"The Church seeks no privileges for herself," he went on, "but we do desire a dialogue with the nation." Even though the Church's diplomatic relations with so many countries "do not necessarily imply the approval of one or another regime -- that is not our business." Nevertheless, the Pontiff went on in a sort of summary preview of the scope of his interests, "we have an appreciation of the positive temporal values, a willingness for dialogue with those who are legitimately charged with the common good of society, and an understanding of their role, which is often difficult."
Clearly, this Pope portended more than a soft and appealing personal style in his pontificate; he was pointing early and with startling frankness to a new road of papal internationalism. But what -- or whose -- positive temporal values did he have in mind? And who among temporal leaders did he include among those "legitimately charged with the common good of society"? More pointedly, some began to wonder, who was excluded?
If those questions were not raised in public, they were surely raised in more than one political chancery and boardroom around the world.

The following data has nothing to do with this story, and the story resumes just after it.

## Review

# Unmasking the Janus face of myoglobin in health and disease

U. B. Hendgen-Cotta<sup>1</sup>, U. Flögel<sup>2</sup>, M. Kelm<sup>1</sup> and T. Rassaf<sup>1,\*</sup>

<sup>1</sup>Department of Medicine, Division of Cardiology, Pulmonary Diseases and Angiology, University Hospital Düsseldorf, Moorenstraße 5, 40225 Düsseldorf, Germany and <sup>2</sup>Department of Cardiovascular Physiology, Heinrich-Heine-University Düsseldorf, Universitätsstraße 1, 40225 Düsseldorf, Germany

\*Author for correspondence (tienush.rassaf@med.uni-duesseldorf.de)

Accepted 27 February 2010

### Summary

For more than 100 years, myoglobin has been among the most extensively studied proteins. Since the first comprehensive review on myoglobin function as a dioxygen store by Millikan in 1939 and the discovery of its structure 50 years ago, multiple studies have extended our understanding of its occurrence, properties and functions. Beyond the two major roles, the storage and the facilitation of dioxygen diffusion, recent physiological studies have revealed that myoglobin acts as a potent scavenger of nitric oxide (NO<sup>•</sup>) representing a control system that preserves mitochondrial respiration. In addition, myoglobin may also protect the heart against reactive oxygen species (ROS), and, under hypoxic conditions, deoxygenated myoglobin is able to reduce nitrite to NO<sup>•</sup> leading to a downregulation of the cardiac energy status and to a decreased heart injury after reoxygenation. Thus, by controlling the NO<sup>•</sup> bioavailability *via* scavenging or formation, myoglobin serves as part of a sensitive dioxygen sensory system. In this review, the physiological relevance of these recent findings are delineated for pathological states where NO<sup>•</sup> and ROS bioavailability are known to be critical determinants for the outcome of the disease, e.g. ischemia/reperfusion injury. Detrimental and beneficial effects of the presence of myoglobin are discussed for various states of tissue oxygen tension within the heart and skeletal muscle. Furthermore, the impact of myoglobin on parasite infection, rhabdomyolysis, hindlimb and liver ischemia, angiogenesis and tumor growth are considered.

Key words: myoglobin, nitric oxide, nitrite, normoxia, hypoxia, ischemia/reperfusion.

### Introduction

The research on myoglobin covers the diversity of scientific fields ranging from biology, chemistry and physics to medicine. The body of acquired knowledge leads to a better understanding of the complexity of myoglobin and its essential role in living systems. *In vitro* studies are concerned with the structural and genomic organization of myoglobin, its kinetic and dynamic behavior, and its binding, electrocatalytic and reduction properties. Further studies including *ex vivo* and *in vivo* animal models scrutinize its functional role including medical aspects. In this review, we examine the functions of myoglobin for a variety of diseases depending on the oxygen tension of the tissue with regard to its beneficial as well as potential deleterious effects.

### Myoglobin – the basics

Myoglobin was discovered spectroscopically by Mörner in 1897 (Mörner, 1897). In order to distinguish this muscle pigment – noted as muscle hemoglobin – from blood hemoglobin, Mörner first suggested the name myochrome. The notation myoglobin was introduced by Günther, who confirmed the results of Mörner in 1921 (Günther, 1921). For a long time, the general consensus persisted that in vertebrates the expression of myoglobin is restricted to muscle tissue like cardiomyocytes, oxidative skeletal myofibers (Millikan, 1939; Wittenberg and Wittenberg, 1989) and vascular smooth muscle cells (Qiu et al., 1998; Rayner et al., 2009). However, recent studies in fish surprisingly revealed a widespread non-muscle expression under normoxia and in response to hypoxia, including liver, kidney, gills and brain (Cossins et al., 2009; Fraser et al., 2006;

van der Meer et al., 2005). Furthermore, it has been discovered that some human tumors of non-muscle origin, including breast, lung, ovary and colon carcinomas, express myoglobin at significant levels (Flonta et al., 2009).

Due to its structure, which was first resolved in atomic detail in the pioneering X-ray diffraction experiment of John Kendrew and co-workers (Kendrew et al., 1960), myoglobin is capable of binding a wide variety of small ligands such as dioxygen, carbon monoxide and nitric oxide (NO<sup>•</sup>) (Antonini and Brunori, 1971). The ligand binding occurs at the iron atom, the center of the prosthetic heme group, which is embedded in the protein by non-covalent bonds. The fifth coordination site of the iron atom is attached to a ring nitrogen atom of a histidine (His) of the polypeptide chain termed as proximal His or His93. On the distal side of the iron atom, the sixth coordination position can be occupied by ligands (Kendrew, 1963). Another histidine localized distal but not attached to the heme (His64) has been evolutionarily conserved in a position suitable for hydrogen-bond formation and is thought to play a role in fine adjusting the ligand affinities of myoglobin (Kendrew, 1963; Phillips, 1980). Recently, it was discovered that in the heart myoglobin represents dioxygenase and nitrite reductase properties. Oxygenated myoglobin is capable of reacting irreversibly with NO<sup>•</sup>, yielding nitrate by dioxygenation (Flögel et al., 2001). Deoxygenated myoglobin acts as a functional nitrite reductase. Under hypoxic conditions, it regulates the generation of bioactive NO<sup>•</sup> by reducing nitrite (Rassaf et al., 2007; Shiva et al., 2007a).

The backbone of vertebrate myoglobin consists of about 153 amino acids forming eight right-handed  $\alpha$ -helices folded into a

Then there was the matter of his ceremonial coronation. Actually, it was not a coronation at all, for he refused to have the papal tiara placed on his head as the symbol that he was now, among other things and in the language of the ceremonial, "the Father of Princes and Kings."
That refusal was not entirely new in itself. His immediate predecessor, the "September Pope," had been the first to break with that ancient custom. Was John Paul II's behavior a sign of defiance? A sign that he had no fear of the fate of the "September Pope"? Perhaps. Was it a soothing democratic gesture after his unsettling policy speeches of a few days before? Surely, there were those who hoped as much.
Popes rarely explain such ceremonial behavior. In his own break with papal custom, however, John Paul gave the most public explanation imaginable. To all those gathered around him in St. Peter's, and to the estimated billion or so people around the world watching on television, the Pontiff gave a glimpse of his mind as Pope, and a look at the vigorous papal policies that would soon prove so troublesome to so many.
"This is not a time," he said, "to return to a ceremony and to an object" -- the tiara itself -- "that is wrongly considered to be a symbol of temporal power of the Pope."
Very soon, his actions and overt policies would illustrate over and over again the meaning of his words: John Paul's firm belief that neither tiara nor the power symbolized by such a thing was an adequate expression of the divine claim he did indeed have to exercise spiritual authority and moral primacy over all those who wield such temporal power in our lives.